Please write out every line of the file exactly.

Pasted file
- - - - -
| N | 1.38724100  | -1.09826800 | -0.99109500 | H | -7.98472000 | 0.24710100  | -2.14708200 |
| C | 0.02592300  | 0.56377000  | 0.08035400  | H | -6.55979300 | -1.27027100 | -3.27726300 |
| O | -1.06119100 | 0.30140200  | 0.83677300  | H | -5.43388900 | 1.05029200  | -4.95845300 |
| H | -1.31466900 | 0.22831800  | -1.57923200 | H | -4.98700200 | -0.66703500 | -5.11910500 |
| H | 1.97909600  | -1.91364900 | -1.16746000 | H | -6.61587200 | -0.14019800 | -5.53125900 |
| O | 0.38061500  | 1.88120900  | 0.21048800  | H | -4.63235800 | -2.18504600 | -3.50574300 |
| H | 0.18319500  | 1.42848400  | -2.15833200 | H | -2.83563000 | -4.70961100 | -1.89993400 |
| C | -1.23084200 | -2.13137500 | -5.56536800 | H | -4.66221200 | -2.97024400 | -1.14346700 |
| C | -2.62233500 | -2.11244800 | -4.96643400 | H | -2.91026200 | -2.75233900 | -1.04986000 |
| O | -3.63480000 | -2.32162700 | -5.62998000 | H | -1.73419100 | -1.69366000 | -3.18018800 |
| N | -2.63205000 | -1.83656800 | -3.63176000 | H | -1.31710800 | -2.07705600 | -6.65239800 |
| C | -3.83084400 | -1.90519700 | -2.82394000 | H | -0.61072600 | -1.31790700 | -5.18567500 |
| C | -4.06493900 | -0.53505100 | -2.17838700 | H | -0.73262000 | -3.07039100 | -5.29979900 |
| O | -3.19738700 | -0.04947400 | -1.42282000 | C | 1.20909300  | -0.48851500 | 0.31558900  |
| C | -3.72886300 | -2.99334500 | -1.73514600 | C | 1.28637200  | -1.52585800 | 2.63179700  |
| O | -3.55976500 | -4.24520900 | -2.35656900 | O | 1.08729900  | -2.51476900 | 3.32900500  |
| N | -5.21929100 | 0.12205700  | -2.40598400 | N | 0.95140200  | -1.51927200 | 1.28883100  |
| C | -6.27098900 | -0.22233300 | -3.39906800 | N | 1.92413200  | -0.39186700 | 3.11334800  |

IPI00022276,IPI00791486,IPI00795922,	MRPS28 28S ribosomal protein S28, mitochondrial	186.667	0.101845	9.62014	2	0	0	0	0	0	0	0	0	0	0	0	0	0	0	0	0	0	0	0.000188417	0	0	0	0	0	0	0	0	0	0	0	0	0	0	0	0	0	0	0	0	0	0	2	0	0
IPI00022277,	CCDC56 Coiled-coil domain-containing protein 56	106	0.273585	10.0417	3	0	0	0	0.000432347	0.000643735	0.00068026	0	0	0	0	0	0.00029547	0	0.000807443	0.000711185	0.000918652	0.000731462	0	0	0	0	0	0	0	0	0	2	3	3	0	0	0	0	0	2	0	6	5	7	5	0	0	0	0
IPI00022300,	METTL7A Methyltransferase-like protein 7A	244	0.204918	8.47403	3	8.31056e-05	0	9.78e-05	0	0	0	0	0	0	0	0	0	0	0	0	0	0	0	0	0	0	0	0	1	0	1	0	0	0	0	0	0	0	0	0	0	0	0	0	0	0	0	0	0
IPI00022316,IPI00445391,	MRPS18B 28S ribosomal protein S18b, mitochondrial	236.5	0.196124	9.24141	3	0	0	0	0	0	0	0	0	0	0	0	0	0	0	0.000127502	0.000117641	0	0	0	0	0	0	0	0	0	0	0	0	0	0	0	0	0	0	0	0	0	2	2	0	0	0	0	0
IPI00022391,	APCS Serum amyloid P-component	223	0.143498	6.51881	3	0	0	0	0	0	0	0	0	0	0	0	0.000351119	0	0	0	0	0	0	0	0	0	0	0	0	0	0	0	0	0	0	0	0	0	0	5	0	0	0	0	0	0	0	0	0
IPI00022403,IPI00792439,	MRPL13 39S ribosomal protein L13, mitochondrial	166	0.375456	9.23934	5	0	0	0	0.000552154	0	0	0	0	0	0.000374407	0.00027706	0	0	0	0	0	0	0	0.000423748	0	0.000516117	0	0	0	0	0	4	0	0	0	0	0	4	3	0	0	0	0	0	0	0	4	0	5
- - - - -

| N | 1.38724100  | -1.09826800 | -0.99109500 | H | -7.98472000 | 0.24710100  | -2.14708200 |
| C | 0.02592300  | 0.56377000  | 0.08035400  | H | -6.55979300 | -1.27027100 | -3.27726300 |
| O | -1.06119100 | 0.30140200  | 0.83677300  | H | -5.43388900 | 1.05029200  | -4.95845300 |
| H | -1.31466900 | 0.22831800  | -1.57923200 | H | -4.98700200 | -0.66703500 | -5.11910500 |
| H | 1.97909600  | -1.91364900 | -1.16746000 | H | -6.61587200 | -0.14019800 | -5.53125900 |
| O | 0.38061500  | 1.88120900  | 0.21048800  | H | -4.63235800 | -2.18504600 | -3.50574300 |
| H | 0.18319500  | 1.42848400  | -2.15833200 | H | -2.83563000 | -4.70961100 | -1.89993400 |
| C | -1.23084200 | -2.13137500 | -5.56536800 | H | -4.66221200 | -2.97024400 | -1.14346700 |
| C | -2.62233500 | -2.11244800 | -4.96643400 | H | -2.91026200 | -2.75233900 | -1.04986000 |
| O | -3.63480000 | -2.32162700 | -5.62998000 | H | -1.73419100 | -1.69366000 | -3.18018800 |
| N | -2.63205000 | -1.83656800 | -3.63176000 | H | -1.31710800 | -2.07705600 | -6.65239800 |
| C | -3.83084400 | -1.90519700 | -2.82394000 | H | -0.61072600 | -1.31790700 | -5.18567500 |
| C | -4.06493900 | -0.53505100 | -2.17838700 | H | -0.73262000 | -3.07039100 | -5.29979900 |
| O | -3.19738700 | -0.04947400 | -1.42282000 | C | 1.20909300  | -0.48851500 | 0.31558900  |
| C | -3.72886300 | -2.99334500 | -1.73514600 | C | 1.28637200  | -1.52585800 | 2.63179700  |
| O | -3.55976500 | -4.24520900 | -2.35656900 | O | 1.08729900  | -2.51476900 | 3.32900500  |
| N | -5.21929100 | 0.12205700  | -2.40598400 | N | 0.95140200  | -1.51927200 | 1.28883100  |
| C | -6.27098900 | -0.22233300 | -3.39906800 | N | 1.92413200  | -0.39186700 | 3.11334800  |

IPI00022276,IPI00791486,IPI00795922,	MRPS28 28S ribosomal protein S28, mitochondrial	186.667	0.101845	9.62014	2	0	0	0	0	0	0	0	0	0	0	0	0	0	0	0	0	0	0	0.000188417	0	0	0	0	0	0	0	0	0	0	0	0	0	0	0	0	0	0	0	0	0	0	2	0	0
IPI00022277,	CCDC56 Coiled-coil domain-containing protein 56	106	0.273585	10.0417	3	0	0	0	0.000432347	0.000643735	0.00068026	0	0	0	0	0	0.00029547	0	0.000807443	0.000711185	0.000918652	0.000731462	0	0	0	0	0	0	0	0	0	2	3	3	0	0	0	0	0	2	0	6	5	7	5	0	0	0	0
IPI00022300,	METTL7A Methyltransferase-like protein 7A	244	0.204918	8.47403	3	8.31056e-05	0	9.78e-05	0	0	0	0	0	0	0	0	0	0	0	0	0	0	0	0	0	0	0	0	1	0	1	0	0	0	0	0	0	0	0	0	0	0	0	0	0	0	0	0	0
IPI00022316,IPI00445391,	MRPS18B 28S ribosomal protein S18b, mitochondrial	236.5	0.196124	9.24141	3	0	0	0	0	0	0	0	0	0	0	0	0	0	0	0.000127502	0.000117641	0	0	0	0	0	0	0	0	0	0	0	0	0	0	0	0	0	0	0	0	0	2	2	0	0	0	0	0
IPI00022391,	APCS Serum amyloid P-component	223	0.143498	6.51881	3	0	0	0	0	0	0	0	0	0	0	0	0.000351119	0	0	0	0	0	0	0	0	0	0	0	0	0	0	0	0	0	0	0	0	0	0	5	0	0	0	0	0	0	0	0	0
IPI00022403,IPI00792439,	MRPL13 39S ribosomal protein L13, mitochondrial	166	0.375456	9.23934	5	0	0	0	0.000552154	0	0	0	0	0	0.000374407	0.00027706	0	0	0	0	0	0	0	0.000423748	0	0.000516117	0	0	0	0	0	4	0	0	0	0	0	4	3	0	0	0	0	0	0	0	4	0	5